It’s Ramesh’s silver jubilee year in the Kannada film industry. This multi-faceted personality reads Kannada literature when he is not acting

It’s always a pleasure to meet Ramesh. His affable nature, warm smile and hearty laughter are infectious. You feel at home in his house shorn of the trappings of stardom or success and the pleasant presence of his wife Archana who serves the best coffee in any star home, save Raj Kumars. He doesn’t talk in conspiratorial tones and is not curious about the latest gossip, but excited about the cinematic conquests of young directors like Pawan (Lucia) and Ashoka (6-5=2). It’s hard to believe that Ramesh has been around for 25 years. “Time has just flown but the good thing is I’ve spent it productively,” says the actor whose mere presence in a film automatically certifies it for wholesome family viewing. Never shy of saying yes to an interesting prospect. Ramesh has progressed from debating to drama, radio, TV and then cinema making a mark in every medium. “I think I just took the right decisions,” says the engineering graduate. In all these years I’m yet to hear about even a minor misdemeanour or indiscretion. It’s not only the audience which likes him but colleagues and peers too, even the haughtiest of them. Now this in no way means he sucks up to people or is obsequious on the sets. “As far as Ramesh is concerned everyone is a good person,” Vishnuvardhan once told me with a wry smile. Supremely confident of his craft he’s never shied away from sharing screen space with the best of talents. A multi-lingual and multi-dimensional film personality often loses his/her identity locally and this is probably what happened to Ramesh, briefly. Also, sweetness was replaced with sickles on-screen.

Today, Ramesh is a multi-faceted film personality. When he’s not acting he’s busy reading the best in Kannada literature, has written a book, is planning to write more and is penning scripts for future directorial ventures. “There is a treasure trove waiting to be tapped in our history and literature,” says Ramesh, who’s essayed the title role in ‘Basavanna’ releasing today. “It’s a small film only budget wise not in thought. We’re talking about a fascinating personality who fought against the caste system way back. I thoroughly enjoyed portraying this great personality.” After a couple of days of promotional activities Ramesh will be in Chennai to wrap up the script of his directorial debut in Tamil, ‘Utthama Villain’ starring Kamal. Ramesh, who’s very close to Kamal has already directed him in the hugely successful ‘Rama Shama Bhama’. “I know it’s a different ball-game in Tamil with the monstrous expectations but I’m confident. People say he interferes, but during the Kannada film not a single day did he ask for changes. Anyway, just spending time with that man is educative.” There are regular rumours floating about the cast, crew and story-line of the film. “With ‘Crazy’ Mohan penning the dialogues everyone thinks this is going to be a two-hour laugh fest. One thing I can assure you is that it’s a feel good film,” says Ramesh. The film will keep Ramesh busy for around half this year but he already has a bound script which he plans to make with a Kannada superstar. An interesting tale of friendship and revenge, the plot, knowing Ramesh will involve more brains than brawn.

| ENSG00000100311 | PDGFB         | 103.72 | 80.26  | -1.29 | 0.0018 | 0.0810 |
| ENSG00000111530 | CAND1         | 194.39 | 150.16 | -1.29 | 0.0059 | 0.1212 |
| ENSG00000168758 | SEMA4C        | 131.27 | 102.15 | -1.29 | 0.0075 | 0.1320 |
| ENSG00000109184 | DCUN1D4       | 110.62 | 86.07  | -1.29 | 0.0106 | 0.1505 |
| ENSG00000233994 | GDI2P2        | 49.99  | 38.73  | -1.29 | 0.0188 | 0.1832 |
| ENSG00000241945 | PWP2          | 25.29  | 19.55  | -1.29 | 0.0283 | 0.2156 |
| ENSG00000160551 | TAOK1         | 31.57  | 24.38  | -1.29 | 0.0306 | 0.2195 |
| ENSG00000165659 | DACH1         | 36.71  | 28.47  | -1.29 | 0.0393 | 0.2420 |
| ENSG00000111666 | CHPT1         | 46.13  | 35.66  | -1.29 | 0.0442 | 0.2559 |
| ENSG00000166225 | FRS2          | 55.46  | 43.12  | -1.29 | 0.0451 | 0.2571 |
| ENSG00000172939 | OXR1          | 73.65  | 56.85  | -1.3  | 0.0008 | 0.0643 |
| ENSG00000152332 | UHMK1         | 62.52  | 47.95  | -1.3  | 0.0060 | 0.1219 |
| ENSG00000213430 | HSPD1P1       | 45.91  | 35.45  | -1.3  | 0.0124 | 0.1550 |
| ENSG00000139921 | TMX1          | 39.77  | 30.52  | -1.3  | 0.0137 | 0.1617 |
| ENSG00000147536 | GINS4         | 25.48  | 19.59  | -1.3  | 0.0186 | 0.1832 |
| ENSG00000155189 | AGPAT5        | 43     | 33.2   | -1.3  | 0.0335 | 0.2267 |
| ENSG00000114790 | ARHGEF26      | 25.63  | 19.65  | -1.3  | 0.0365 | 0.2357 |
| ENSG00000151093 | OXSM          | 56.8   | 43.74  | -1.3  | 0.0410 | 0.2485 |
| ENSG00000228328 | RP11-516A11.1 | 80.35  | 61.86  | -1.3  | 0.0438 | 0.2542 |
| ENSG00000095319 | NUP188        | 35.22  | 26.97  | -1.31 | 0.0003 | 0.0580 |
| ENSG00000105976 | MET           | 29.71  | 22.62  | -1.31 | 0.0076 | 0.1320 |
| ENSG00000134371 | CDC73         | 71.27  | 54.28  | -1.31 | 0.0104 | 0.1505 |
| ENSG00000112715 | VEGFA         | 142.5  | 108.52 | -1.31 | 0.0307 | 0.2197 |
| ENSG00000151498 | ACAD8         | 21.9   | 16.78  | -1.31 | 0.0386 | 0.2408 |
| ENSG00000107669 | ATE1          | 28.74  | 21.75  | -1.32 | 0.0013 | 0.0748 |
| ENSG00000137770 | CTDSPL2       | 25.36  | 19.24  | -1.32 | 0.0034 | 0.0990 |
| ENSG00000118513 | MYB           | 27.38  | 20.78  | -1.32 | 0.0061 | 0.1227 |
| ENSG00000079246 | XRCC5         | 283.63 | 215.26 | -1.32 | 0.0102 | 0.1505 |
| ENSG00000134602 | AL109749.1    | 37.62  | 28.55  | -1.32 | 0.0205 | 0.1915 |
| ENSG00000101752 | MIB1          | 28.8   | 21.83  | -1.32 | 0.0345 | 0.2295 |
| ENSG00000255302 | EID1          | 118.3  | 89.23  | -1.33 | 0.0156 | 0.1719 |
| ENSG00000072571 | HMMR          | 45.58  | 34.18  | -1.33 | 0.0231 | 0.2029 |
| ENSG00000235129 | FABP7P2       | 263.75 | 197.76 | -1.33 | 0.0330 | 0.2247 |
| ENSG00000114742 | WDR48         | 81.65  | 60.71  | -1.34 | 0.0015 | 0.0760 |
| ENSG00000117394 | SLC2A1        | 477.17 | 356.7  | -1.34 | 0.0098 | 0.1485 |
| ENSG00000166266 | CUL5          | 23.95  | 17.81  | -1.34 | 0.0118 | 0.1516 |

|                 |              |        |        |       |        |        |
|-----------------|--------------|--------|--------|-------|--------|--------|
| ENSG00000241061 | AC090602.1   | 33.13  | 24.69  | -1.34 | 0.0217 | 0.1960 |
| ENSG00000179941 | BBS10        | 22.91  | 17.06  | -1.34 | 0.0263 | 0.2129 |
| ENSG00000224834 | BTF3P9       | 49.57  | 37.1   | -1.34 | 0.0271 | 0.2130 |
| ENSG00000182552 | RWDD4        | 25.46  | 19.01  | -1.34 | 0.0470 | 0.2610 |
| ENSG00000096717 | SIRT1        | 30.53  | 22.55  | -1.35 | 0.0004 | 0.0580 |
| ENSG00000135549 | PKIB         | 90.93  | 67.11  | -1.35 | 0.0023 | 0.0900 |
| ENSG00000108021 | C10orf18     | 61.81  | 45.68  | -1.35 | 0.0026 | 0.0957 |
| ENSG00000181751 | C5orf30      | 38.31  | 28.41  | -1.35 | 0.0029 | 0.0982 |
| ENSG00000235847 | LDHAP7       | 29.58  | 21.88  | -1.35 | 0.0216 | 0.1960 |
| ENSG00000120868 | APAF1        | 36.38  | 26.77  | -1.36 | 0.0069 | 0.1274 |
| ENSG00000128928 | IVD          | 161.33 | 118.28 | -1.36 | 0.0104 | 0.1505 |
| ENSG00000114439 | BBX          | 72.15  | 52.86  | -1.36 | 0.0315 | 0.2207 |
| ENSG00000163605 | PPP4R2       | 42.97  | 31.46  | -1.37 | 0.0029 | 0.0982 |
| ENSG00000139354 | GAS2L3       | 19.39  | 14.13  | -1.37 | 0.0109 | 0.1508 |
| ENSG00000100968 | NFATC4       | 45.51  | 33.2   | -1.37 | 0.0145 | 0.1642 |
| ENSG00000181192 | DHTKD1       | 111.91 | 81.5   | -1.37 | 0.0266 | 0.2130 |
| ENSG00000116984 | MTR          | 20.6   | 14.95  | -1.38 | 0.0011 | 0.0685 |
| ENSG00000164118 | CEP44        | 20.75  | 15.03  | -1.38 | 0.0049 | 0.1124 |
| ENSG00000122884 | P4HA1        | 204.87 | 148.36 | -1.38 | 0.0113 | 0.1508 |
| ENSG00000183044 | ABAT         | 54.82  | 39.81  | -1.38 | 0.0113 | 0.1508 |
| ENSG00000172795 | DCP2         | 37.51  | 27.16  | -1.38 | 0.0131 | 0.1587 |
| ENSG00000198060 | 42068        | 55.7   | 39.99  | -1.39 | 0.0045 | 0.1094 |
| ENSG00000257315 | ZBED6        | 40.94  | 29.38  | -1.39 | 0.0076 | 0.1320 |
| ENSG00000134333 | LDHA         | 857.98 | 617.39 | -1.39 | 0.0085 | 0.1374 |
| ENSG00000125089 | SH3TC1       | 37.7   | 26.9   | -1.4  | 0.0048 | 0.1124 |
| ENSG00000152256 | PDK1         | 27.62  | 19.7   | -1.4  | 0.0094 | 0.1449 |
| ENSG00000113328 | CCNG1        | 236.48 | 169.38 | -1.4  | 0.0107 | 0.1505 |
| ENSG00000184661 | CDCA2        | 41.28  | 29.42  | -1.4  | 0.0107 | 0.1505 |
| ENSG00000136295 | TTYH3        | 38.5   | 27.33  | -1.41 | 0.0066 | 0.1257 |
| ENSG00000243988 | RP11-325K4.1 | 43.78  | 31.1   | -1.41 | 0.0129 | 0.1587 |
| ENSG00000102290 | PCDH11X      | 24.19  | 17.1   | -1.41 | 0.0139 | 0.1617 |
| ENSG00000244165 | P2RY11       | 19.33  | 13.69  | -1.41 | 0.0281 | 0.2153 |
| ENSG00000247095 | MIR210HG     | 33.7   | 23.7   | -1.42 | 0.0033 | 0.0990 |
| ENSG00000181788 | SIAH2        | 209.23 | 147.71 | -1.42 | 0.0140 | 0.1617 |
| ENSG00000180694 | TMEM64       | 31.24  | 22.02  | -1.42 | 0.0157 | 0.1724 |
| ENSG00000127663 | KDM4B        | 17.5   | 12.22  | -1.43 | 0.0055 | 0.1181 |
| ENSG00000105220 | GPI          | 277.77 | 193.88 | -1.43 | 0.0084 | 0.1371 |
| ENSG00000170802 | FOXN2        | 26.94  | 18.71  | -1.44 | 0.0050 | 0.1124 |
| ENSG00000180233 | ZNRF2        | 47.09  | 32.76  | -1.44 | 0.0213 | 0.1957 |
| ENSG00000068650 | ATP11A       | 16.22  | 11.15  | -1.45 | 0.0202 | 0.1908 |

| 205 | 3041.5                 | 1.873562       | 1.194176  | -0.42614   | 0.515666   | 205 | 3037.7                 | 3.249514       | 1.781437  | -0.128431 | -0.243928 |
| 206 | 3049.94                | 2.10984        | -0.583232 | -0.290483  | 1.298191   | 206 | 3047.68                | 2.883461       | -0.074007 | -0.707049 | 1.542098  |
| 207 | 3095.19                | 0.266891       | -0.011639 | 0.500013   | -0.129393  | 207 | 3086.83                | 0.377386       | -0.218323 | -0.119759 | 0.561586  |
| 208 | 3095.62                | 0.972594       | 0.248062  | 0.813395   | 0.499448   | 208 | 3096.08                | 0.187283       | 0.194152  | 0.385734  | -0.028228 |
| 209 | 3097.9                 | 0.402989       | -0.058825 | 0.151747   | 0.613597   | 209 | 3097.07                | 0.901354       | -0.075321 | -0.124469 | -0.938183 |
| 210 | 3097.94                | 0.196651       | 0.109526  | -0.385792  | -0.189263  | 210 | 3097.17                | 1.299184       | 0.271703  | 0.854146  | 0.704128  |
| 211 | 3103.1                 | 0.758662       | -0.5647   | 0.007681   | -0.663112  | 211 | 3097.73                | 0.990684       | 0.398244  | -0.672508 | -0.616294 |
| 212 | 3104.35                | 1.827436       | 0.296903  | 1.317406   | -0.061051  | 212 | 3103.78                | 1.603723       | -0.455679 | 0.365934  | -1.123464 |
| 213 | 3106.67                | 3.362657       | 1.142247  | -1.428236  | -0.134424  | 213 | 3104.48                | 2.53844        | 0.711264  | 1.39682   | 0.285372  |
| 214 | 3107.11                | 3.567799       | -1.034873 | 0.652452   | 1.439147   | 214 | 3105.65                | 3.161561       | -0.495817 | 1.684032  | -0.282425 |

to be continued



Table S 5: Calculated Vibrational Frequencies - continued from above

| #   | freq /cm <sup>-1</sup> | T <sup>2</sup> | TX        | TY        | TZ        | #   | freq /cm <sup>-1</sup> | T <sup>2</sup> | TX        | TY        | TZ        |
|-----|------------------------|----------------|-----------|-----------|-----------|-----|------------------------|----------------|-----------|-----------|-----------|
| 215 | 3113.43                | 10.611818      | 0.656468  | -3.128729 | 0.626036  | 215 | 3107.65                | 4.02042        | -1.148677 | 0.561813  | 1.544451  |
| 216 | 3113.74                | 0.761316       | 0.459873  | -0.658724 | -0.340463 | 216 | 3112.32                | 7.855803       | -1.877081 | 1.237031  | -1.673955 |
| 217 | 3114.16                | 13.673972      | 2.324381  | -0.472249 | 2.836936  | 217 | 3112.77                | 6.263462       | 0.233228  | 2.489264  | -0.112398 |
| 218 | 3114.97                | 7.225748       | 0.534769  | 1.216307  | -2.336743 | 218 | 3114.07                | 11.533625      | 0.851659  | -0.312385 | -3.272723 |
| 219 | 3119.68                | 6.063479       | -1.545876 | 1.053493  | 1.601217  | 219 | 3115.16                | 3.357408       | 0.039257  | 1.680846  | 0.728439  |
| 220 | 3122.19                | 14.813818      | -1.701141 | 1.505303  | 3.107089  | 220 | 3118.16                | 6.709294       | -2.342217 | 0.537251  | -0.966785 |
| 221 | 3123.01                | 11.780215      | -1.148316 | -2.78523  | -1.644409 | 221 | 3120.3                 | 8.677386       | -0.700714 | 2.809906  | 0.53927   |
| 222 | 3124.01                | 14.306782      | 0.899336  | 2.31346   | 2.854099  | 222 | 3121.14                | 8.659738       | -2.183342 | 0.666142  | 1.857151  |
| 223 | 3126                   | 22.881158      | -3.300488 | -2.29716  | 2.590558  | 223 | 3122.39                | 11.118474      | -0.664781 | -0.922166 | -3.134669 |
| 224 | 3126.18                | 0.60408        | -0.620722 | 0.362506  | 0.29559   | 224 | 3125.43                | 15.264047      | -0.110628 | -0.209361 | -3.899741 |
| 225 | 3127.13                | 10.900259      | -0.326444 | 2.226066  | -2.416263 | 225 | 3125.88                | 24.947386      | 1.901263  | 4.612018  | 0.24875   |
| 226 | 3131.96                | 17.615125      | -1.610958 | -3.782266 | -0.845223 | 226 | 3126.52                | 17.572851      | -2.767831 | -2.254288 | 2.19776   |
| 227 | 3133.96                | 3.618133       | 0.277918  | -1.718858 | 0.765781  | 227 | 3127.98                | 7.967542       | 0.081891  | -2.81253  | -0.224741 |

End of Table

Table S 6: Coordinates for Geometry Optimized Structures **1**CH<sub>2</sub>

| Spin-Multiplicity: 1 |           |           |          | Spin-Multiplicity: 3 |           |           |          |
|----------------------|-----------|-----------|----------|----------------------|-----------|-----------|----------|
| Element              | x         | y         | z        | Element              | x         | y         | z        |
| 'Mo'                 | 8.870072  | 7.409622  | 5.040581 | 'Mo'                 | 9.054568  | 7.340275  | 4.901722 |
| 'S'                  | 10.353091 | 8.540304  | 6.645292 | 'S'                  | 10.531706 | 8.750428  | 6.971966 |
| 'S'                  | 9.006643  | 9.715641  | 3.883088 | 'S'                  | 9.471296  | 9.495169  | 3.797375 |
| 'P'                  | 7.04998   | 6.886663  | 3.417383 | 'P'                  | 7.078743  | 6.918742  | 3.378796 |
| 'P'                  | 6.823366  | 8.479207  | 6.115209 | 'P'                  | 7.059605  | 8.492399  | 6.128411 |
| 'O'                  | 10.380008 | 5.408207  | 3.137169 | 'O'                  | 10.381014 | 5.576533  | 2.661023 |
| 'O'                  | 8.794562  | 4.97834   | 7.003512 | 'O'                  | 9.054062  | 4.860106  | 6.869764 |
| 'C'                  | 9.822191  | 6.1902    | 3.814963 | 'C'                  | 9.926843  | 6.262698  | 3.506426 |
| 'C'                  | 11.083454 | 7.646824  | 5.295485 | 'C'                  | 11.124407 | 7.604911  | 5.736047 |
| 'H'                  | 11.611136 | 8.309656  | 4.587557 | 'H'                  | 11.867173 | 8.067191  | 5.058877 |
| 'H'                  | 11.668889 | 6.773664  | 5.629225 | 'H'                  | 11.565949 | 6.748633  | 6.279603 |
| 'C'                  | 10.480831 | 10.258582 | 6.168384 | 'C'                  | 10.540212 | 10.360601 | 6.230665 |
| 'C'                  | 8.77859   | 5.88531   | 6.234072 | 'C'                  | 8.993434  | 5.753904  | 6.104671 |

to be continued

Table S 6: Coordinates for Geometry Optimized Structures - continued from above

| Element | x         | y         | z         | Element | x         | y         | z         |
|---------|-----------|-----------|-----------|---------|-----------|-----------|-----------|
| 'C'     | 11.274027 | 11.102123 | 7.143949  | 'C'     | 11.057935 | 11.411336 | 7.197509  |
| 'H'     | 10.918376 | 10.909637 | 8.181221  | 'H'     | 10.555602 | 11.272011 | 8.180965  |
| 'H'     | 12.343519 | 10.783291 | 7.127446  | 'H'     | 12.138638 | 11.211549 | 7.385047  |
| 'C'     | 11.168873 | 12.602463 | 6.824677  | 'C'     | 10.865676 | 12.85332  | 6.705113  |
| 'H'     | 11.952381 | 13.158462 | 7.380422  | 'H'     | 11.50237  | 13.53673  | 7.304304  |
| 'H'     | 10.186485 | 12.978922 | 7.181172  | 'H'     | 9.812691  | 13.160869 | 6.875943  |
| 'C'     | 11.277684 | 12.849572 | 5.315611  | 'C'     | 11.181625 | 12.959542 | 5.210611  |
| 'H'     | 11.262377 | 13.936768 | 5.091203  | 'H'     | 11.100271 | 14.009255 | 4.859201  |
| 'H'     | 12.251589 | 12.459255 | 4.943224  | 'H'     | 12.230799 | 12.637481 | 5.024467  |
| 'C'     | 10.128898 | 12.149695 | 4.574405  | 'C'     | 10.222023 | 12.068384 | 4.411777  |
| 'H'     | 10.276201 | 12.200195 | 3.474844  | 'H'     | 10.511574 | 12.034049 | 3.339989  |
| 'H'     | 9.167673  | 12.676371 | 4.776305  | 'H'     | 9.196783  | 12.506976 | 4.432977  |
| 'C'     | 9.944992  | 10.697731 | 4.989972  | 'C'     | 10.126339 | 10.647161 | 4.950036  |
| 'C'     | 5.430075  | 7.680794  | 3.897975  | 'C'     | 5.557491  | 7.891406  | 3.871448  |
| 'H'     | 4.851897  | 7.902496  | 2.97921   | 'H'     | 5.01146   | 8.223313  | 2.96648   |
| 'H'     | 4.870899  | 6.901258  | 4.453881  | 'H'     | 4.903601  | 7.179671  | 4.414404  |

Is there a separate censor board that passes English films or do the upholders of our morals watch them with their eyes and ears closed? ‘Wolf Of Wall Street’, is a three-hour tale of greed, debauchery, dope and the power that ill-gotten pelf can buy. Martin Scorcese who’s always been fascinated by crime and its perpetrators spins another tale of avarice and every conceivable vice. You can count the number of lines sans profanity with one hand. If this had been an Indian film every sentence would have at least two beeps. Now the one word I abhor in films is ‘message’. I thoroughly enjoyed the film, a modern day ‘Caligula’ for the consistent characterisation, the brilliant performances and the razor sharp editing. I don’t believe in censorship, definitely redundant in today’s world but if we have to suffer it at least have a consistent code.

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